On September 7, New York Times columnist Tom Friedman called for lifting the export ban on domestically produced crude oil in order to significantly increase the global supply and “bring down the price of oil” while implementing a carbon tax to “take us beyond fossil fuels.” “That is a strategy hawks and doves, greens and big oil could all support,” Friedman claimed about his incoherent policy recommendation.
“The oxymoronic logic displayed here is so dizzyingly self-contradictory that I had to re-read it three times in the vain attempt to find the hidden rationale that would turn the apparently nonsensical into the brilliant,” wrote Asher Miller, executive director of the left-leaning climate-policy think tank, Post Carbon Institute, in response to Friedman’s column. “I know that this ‘all of the above’ strategy has been President Obama’s energy policy but that doesn’t make it right.”
Obama, Clinton, and Friedman are following the lead of Washington’s policy insiders, who move between business, academia, and government, and determine the conventional wisdom on policy issues. One of the leading insider voices for lifting the export ban is Charles Ebinger, Brookings Institution’s director of the Energy Security Initiative. In a 2013 policy memo, he argued that “adopting policies that encourage the development and export of U.S. hydrocarbons including oil, coal, and gas” would allow the United States to take “a leadership role in the battle to address climate change.”
In January, Ebinger urged Obama to lift the crude oil export ban and “stimulate additional domestic crude oil and some associated natural gas production.” He claimed there would be “no negative effects for energy security.” He renewed his call last Wednesday, claiming that lifting the ban “generates paramount foreign policy benefits, increases U.S. GDP and welfare, and reduces unemployment.”
Ebinger’s accompanying report noted in passing that this fossil-industry cheerleading might not work if climate change were taken into account. “The impacts of lifting the ban on crude oil exports on global climate change are difficult to determine at this point as there is a lack of data available to make any accurate projections. These issues are complex and are not within the capacity of this report to address.”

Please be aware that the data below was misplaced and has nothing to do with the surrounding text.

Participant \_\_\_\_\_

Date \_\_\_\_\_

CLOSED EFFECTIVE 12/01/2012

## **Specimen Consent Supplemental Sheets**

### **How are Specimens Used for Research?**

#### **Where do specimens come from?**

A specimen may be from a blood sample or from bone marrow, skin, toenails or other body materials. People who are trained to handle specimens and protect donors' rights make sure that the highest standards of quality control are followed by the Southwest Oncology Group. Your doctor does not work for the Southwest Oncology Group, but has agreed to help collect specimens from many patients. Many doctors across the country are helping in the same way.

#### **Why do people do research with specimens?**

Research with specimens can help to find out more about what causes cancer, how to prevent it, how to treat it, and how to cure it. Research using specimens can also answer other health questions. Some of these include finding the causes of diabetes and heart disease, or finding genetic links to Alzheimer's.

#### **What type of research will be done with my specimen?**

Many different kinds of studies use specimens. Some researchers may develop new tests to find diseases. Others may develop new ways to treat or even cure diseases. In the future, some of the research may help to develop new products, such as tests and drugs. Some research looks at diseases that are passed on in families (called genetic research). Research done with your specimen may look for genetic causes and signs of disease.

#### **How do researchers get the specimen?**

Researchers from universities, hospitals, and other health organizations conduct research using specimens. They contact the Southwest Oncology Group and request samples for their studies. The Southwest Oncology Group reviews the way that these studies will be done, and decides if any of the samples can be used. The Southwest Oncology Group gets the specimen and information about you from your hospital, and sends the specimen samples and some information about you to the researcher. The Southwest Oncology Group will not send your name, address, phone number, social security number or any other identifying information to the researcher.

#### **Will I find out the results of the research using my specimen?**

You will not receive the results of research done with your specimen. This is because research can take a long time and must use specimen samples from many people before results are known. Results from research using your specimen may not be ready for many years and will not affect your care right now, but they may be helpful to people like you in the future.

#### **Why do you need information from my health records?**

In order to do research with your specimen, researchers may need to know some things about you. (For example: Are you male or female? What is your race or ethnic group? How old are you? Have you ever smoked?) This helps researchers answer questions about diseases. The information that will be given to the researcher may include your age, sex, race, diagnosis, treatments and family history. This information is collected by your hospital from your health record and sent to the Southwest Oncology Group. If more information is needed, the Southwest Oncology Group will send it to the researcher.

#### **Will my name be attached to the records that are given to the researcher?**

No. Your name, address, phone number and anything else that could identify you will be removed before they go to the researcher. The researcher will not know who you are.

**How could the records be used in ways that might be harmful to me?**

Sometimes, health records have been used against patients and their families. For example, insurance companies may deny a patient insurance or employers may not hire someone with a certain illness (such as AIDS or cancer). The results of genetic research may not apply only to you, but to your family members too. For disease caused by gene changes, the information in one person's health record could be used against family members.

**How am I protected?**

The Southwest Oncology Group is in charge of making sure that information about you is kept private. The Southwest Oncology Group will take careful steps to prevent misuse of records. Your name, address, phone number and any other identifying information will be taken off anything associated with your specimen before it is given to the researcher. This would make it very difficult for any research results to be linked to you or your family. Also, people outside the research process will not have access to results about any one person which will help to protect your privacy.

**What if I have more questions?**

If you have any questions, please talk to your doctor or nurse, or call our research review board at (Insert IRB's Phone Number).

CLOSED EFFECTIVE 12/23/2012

The issues are not actually complex—it is a truism that lifting the ban on oil exports, by increasing oil production, would accelerate climate change.
Former Obama adviser Larry Summers has expressed similar views: “I believe that the question of whether the United States should have a substantially more permissive policy with respect to the export of crude oil and with respect to the export of natural gas is easy,” Summers said at a Brookings event. His remarks were reprinted in The Wall Street Journal, Bloomberg, The Hill, ABC News, and influential trade journals such as Platts and E&E Daily.
But in 2010, when he was still working for the Obama administration, Summers compared climate change to the existential threat of nuclear war to the “basic terms of life on earth on a planetary scale,” saying “it is an imperative for this planet that we act so as to reduce the risks that current science points up.”
These absurdities are a consequence of the power of the fossil fuel industry, which showers money on our nation’s politicians and policy experts. Policy advisers then publicly contort themselves into logical knots to justify new fossil-fuel infrastructure. For every dollar the fossil-fuel industry spends on campaign contributions and lobbying in Washington, the watchdog group Oil Change International estimates, it receives $59 in federal subsidies. So, in many ways, we are paying climate polluters to profit from our own destruction.
As The Boston Globe reported this weekend, the Obama administration was rebuked for its logically incoherent support for coal exports by a U.S. district judge: “Doesn’t somebody sometime need to take very seriously what the effect that these greenhouse gases is on the world that we live in?”